kindness of family friends. It is true the girls received
a little something out of the wreck of their father's fortune,
but with a speculator's mad folly he had managed to involve
both his wife's and his children's portion in the common
I? Can I?" Felicia responded to Rachel's proposition as
if it were to be considered seriously. "I am ready to do
anything honorable to make my living and that of Rose. Poor
Rose! She will never be able to get over the shock of our
will arrange the details when we get to Raymond," Rachel
said, smiling through her tears at Felicia's eager willingness
to care for herself.
So in a few weeks Rose and Felicia found themselves a part
of the Winslow family in Raymond. It was a bitter experience
for Rose, but there was nothing else for her to do and she
accepted the inevitable, brooding over the great change
in her life and in many ways adding to the burden of Felicia
and her cousin Rachel.
Felicia at once found herself in an atmosphere of discipleship
that was like heaven to her in its revelation of companionship.
It is true that Mrs. Winslow was not in sympathy with the
course that Rachel was taking, but the remarkable events
in Raymond since the pledge was taken were too powerful
in their results not to impress even such a woman as Mrs.
Winslow. With Rachel, Felicia found a perfect fellowship.
She at once found a part to take in the new work at the
Rectangle. In the spirit of her new life she insisted upon
helping in the housework at her aunt's, and in a short time
demonstrated her ability as a cook so clearly that Virginia
suggested that she take charge of the cooking at the Rectangle.
Felicia entered upon this work with the keenest pleasure.
For the first time in her life she had the delight of doing
something of value for the happiness of others. Her resolve
to do everything after asking, "What would Jesus do?" touched
her deepest nature. She began to develop and strengthen
wonderfully. Even Mrs. Winslow was obliged to acknowledge
the great usefulness and beauty of Felicia's character.
The aunt looked with astonishment upon her niece, this city-bred
girl, reared in the greatest luxury, the daughter of a millionaire,
now walking around in her kitchen, her arms covered with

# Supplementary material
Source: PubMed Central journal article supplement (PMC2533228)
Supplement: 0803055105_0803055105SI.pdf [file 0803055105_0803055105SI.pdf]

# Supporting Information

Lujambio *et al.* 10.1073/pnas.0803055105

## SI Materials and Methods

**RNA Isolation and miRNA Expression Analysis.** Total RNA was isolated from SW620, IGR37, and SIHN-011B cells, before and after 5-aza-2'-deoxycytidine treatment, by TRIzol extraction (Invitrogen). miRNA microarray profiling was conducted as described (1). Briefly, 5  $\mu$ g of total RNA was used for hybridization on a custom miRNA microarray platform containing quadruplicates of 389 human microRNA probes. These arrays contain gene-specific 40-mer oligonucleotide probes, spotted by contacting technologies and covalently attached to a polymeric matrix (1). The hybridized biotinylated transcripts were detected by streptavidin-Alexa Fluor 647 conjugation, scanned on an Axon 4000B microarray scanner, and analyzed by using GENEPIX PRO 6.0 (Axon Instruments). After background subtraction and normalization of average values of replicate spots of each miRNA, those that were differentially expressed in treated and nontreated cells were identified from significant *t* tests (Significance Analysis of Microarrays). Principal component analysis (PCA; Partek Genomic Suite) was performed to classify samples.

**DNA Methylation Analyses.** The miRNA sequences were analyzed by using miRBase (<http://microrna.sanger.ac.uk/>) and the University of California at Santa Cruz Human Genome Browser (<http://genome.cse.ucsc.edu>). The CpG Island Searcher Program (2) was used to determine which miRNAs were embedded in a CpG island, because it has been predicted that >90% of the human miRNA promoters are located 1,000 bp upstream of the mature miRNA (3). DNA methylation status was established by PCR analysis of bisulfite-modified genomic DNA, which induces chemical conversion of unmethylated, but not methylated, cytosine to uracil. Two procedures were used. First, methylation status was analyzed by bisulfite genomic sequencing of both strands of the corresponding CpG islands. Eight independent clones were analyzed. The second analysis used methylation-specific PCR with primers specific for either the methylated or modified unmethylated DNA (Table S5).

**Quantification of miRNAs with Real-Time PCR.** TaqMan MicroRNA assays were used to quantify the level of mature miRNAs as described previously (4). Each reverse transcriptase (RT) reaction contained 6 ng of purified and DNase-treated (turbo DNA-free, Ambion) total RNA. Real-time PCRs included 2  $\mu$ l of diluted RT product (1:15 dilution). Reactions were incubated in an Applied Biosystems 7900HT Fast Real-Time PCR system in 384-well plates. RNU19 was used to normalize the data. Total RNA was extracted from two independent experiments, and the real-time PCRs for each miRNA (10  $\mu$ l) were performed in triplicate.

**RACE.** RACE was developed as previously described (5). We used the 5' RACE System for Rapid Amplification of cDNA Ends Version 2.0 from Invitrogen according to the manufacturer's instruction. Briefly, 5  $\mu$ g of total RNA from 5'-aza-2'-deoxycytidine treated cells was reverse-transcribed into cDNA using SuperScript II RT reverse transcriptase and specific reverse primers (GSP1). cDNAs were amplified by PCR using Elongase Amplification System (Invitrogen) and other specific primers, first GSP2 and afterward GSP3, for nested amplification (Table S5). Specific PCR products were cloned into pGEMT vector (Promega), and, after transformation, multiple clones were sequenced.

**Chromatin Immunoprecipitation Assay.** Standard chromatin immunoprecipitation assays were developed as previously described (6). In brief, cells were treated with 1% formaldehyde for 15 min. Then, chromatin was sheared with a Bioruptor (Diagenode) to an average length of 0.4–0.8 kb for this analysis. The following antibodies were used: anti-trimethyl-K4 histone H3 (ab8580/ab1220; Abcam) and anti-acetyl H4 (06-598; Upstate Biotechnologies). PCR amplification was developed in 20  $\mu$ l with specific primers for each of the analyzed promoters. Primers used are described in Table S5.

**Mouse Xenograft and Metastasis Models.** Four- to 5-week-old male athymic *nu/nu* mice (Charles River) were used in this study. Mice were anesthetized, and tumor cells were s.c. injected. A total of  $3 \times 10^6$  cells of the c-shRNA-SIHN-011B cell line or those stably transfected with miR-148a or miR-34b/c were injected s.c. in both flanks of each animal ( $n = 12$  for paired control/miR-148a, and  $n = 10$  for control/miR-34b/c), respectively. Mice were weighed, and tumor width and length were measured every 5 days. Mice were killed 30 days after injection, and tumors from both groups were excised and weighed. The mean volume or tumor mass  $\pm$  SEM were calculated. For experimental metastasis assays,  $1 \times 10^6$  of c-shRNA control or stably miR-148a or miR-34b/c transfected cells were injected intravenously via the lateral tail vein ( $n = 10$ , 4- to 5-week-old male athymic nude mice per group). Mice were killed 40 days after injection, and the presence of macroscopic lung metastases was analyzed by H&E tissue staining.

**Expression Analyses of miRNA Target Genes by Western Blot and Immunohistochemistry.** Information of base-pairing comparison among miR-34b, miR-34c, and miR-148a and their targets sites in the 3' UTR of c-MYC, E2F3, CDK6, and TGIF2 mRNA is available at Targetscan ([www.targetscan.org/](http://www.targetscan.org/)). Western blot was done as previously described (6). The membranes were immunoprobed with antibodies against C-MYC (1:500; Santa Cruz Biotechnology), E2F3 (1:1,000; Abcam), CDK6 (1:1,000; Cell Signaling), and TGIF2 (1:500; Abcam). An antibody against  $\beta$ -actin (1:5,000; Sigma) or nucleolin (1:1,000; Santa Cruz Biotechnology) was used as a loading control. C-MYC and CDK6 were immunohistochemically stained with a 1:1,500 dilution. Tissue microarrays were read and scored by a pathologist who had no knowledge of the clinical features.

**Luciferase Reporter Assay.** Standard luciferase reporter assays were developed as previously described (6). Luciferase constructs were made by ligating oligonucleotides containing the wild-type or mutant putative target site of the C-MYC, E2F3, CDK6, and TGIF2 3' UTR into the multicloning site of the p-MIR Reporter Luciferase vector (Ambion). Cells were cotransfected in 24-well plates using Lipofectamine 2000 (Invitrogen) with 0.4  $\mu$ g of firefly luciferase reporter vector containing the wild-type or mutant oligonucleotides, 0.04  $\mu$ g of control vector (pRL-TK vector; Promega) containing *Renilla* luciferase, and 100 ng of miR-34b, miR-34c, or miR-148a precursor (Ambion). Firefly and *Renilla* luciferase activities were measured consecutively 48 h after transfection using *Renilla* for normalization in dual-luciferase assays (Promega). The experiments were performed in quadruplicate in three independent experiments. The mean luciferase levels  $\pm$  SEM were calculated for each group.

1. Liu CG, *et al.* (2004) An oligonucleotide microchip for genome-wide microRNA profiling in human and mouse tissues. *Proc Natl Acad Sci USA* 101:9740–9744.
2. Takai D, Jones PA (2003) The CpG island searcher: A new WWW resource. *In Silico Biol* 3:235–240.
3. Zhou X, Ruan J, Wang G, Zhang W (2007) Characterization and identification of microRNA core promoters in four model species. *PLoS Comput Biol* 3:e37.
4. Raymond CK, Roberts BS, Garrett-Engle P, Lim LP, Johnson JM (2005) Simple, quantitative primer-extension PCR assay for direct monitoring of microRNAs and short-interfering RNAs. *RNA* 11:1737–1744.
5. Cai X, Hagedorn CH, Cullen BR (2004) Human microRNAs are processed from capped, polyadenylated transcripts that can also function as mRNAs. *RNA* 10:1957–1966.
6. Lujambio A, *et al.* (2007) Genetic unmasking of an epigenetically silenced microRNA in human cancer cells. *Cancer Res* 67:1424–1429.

flour and occasionally a streak of it on her nose, for Felicia
at first had a habit of rubbing her nose forgetfully when
she was trying to remember some recipe, mixing various dishes
with the greatest interest in their results, washing up
pans and kettles and doing the ordinary work of a servant
in the Winslow kitchen and at the rooms at the Rectangle
Settlement. At first Mrs. Winslow remonstrated.
it is not your place to be out here doing this common work.
I cannot allow it."
Aunt? Don't you like the muffins I made this morning?" Felicia
would ask meekly, but with a hidden smile, knowing her aunt's
weakness for that kind of muffin.
were beautiful, Felicia. But it does not seem right for
you to be doing such work for us."
not? What else can I do?"
Her aunt looked at her thoughtfully, noting her remarkable
beauty of face and expression.
do not always intend to do this kind of work, Felicia?"
I shall. I have had a dream of opening an ideal cook shop
in Chicago or some large city and going around to the poor
families in some slum district like the Rectangle, teaching
the mothers how to prepare food properly. I remember hearing
Dr. Bruce say once that he believed one of the great miseries
of comparative poverty consisted in poor food. He even went
so far as to say that he thought some kinds of crime could
be traced to soggy biscuit and tough beefsteak. I'm sure
I would be able to make a living for Rose and myself and
at the same time help others."
Felicia brooded over this dream until it became a reality.
Meanwhile she grew into the affections of the Raymond people
and the Rectangle folks, among whom she was known as the
"angel cook." Underneath the structure of the beautiful
character she was growing, always rested her promise made
in Nazareth Avenue Church, "What would Jesus do?" She prayed
and hoped and worked and regulated her life by the answer
to that question. It was the inspiration of her conduct
and the answer to all her ambition.